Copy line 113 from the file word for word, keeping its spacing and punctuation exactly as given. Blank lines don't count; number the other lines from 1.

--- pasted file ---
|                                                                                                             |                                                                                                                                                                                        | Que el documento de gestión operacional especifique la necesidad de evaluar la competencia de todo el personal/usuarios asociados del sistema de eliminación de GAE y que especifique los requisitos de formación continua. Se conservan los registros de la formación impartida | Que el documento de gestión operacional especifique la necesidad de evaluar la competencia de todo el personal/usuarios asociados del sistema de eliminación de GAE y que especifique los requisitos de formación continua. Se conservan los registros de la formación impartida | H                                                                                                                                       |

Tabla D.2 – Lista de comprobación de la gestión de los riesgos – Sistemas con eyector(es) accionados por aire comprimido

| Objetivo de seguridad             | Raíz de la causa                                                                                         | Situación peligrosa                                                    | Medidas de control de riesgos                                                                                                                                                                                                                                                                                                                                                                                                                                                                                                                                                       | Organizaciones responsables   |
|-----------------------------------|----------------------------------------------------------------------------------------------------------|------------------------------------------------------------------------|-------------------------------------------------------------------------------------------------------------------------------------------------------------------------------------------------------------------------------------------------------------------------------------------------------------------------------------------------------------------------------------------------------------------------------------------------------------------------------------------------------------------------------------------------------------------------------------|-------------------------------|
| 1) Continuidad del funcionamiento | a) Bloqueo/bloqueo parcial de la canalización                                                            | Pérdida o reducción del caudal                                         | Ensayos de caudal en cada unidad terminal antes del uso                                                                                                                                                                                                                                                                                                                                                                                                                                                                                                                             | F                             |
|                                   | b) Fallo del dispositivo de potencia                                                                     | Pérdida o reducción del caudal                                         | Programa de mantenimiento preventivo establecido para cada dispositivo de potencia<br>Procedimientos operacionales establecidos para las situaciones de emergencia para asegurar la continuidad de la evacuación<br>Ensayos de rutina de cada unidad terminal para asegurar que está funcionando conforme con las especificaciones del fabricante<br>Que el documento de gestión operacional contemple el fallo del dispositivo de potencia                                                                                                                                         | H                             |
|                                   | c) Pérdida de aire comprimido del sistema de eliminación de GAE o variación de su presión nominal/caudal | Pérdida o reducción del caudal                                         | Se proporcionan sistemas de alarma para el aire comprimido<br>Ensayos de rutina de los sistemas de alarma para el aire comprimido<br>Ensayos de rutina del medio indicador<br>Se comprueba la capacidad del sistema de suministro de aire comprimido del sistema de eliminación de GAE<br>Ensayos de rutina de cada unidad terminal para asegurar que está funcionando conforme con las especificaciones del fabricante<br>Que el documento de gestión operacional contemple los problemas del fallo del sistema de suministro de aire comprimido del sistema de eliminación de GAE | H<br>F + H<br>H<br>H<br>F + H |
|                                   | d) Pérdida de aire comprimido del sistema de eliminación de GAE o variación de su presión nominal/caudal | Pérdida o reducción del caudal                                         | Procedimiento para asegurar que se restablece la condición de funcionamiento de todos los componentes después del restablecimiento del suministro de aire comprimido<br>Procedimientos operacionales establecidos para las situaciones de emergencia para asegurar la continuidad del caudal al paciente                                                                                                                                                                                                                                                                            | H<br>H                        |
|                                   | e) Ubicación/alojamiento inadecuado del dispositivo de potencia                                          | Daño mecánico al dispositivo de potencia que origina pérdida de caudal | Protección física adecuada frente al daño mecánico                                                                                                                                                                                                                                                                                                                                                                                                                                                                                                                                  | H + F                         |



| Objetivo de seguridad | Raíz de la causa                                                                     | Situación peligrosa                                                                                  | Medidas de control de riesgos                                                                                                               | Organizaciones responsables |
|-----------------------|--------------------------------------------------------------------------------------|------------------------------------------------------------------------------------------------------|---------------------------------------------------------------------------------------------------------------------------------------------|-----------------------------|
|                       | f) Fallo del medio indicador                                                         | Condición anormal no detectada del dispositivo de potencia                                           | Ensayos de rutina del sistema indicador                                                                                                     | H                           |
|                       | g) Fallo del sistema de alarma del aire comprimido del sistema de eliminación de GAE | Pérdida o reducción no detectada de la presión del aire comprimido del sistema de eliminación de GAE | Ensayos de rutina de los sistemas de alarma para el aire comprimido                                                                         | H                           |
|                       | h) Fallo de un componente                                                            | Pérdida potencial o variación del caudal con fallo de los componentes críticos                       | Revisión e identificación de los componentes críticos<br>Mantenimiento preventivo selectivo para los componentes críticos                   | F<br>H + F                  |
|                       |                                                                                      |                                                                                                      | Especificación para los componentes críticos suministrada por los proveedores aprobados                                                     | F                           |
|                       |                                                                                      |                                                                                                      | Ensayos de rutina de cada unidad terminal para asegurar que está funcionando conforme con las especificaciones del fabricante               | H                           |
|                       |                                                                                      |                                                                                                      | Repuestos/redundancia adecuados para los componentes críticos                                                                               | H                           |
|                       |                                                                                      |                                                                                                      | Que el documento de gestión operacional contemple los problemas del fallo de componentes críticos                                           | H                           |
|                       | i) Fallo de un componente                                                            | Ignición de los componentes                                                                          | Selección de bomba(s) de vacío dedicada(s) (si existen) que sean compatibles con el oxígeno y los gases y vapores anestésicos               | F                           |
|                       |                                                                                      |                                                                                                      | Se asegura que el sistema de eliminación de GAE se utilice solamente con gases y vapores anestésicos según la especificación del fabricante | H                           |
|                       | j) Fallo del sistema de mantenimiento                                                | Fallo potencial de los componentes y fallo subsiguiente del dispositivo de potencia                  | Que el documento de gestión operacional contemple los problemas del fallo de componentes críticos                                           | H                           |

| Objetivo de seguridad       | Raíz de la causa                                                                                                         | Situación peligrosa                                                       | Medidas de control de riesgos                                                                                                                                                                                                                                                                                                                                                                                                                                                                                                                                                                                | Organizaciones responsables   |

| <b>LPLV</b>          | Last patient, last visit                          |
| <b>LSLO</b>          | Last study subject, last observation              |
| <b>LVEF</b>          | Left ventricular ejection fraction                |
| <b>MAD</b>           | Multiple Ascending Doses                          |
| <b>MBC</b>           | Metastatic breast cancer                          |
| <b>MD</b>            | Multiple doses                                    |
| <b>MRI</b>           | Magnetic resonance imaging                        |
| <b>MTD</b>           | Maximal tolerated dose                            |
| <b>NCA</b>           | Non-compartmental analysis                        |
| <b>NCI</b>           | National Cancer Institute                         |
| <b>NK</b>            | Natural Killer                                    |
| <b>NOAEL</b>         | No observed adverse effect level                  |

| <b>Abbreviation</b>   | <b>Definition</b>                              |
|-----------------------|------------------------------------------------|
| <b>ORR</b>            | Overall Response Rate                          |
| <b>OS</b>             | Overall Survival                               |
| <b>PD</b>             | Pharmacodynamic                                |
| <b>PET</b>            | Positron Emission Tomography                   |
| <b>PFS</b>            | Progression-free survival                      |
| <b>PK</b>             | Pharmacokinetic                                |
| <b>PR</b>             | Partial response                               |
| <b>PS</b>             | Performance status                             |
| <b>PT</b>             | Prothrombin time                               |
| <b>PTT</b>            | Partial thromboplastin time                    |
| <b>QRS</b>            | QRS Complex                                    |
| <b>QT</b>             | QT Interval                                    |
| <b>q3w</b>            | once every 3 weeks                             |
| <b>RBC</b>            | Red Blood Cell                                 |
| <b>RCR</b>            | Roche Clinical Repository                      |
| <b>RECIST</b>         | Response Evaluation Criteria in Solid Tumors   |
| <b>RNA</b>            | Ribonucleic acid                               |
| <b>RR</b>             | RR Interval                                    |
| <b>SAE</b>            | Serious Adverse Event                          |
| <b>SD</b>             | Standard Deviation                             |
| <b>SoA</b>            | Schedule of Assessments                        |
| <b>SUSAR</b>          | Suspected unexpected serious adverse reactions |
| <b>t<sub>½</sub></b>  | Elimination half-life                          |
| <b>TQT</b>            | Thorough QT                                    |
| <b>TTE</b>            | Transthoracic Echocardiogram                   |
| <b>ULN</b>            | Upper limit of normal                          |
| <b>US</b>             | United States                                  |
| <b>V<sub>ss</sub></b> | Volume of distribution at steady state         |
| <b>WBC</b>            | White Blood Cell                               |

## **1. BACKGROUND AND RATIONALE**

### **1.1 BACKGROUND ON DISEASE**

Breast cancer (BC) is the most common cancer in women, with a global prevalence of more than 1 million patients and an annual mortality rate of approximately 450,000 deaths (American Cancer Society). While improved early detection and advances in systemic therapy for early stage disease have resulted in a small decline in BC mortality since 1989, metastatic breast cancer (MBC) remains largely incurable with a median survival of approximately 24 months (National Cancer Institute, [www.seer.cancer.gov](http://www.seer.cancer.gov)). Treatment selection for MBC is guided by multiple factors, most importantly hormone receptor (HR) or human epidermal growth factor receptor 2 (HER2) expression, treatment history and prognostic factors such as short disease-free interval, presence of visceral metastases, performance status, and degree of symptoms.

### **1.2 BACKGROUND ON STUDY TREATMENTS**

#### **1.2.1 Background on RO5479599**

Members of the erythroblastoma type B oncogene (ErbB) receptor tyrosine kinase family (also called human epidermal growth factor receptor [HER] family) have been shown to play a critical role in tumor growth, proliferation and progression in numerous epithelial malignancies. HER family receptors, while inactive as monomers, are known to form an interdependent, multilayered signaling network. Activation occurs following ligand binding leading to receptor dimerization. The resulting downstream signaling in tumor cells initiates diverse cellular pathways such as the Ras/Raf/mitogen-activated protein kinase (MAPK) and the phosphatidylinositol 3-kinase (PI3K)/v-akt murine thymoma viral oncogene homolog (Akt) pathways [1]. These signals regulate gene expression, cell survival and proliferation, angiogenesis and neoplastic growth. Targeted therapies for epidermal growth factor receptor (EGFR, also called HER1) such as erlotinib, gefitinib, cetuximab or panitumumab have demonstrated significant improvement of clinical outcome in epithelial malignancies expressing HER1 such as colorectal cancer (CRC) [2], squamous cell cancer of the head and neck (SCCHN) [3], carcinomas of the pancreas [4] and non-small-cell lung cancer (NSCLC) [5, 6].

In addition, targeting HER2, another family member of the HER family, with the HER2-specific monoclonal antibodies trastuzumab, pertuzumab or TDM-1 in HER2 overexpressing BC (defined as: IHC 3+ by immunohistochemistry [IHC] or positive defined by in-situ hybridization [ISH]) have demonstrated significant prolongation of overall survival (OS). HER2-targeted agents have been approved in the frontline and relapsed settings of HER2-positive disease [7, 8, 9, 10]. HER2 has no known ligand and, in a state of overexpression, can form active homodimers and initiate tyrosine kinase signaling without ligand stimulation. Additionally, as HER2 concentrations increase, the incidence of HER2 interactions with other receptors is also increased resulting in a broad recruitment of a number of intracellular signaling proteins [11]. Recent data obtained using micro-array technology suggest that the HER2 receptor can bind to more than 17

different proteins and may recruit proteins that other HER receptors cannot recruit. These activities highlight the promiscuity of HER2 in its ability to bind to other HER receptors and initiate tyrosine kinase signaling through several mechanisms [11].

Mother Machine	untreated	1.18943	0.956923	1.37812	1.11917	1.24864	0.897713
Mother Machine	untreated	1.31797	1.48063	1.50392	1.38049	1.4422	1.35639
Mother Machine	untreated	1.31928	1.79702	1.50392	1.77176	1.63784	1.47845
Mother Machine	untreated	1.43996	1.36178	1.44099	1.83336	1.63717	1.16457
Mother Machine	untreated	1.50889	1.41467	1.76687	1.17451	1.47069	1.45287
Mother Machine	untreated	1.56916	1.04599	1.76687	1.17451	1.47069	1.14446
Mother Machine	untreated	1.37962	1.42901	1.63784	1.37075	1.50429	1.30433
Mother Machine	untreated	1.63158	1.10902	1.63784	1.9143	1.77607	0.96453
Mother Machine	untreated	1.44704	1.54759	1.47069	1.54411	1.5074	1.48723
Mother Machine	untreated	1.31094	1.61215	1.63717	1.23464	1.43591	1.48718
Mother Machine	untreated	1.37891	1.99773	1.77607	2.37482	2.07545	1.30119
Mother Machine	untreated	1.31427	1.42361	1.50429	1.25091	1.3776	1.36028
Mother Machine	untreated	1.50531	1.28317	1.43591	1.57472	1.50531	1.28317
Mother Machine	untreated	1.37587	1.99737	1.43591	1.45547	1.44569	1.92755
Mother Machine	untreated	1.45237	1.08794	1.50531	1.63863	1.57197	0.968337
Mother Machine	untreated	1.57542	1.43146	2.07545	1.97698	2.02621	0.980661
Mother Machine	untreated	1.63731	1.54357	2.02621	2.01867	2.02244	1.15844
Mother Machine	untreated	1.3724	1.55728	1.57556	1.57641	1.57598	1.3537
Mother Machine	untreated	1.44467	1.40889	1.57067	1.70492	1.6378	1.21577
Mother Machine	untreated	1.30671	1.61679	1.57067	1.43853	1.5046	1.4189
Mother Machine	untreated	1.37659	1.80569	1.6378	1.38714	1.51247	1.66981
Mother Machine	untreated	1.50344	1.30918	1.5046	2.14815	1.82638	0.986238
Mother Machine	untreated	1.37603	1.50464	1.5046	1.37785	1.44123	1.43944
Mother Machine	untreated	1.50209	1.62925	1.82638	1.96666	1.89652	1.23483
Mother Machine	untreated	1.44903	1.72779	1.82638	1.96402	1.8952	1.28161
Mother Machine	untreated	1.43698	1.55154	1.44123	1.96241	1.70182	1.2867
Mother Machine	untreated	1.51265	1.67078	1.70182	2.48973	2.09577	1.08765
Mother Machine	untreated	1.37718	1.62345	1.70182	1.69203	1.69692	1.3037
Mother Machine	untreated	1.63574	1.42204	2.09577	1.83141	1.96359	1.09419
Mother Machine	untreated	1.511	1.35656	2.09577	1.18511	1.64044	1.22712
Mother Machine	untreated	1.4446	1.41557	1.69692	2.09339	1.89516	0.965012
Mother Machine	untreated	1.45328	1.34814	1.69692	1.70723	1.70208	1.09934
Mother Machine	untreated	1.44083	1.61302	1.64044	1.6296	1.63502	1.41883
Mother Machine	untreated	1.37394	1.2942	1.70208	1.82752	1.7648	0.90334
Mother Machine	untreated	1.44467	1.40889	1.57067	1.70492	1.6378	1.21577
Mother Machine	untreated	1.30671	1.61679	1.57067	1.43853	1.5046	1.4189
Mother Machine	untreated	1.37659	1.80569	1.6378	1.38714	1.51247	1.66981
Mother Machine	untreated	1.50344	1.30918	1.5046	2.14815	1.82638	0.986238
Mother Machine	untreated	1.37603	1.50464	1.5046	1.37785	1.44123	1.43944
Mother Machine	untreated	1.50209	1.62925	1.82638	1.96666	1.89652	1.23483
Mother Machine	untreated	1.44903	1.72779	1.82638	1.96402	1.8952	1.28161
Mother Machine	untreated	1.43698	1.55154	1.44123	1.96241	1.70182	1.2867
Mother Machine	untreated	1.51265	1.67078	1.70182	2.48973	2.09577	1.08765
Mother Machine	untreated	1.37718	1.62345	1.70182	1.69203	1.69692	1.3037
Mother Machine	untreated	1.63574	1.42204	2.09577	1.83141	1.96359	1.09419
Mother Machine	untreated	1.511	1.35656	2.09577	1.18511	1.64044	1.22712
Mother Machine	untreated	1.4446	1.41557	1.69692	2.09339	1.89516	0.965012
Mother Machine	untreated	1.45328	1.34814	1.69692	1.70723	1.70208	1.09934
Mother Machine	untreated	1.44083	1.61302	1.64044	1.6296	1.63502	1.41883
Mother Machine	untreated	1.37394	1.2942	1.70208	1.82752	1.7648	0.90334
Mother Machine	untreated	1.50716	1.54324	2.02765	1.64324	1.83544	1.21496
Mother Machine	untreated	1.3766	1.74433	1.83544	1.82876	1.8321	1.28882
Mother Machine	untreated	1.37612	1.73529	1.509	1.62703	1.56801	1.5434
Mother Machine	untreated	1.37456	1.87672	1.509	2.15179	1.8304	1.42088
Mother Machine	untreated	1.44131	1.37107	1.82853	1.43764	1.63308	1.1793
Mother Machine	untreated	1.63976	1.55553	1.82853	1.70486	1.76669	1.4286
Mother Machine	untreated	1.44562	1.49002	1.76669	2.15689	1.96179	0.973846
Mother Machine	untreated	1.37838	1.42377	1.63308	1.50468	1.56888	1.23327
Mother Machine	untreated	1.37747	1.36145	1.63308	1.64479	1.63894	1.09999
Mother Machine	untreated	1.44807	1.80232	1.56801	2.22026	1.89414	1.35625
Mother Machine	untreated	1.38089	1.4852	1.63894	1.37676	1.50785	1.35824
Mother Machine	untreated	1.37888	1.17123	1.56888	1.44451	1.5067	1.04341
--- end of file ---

Mother Machine	untreated	1.50209	1.62925	1.82638	1.96666	1.89652	1.23483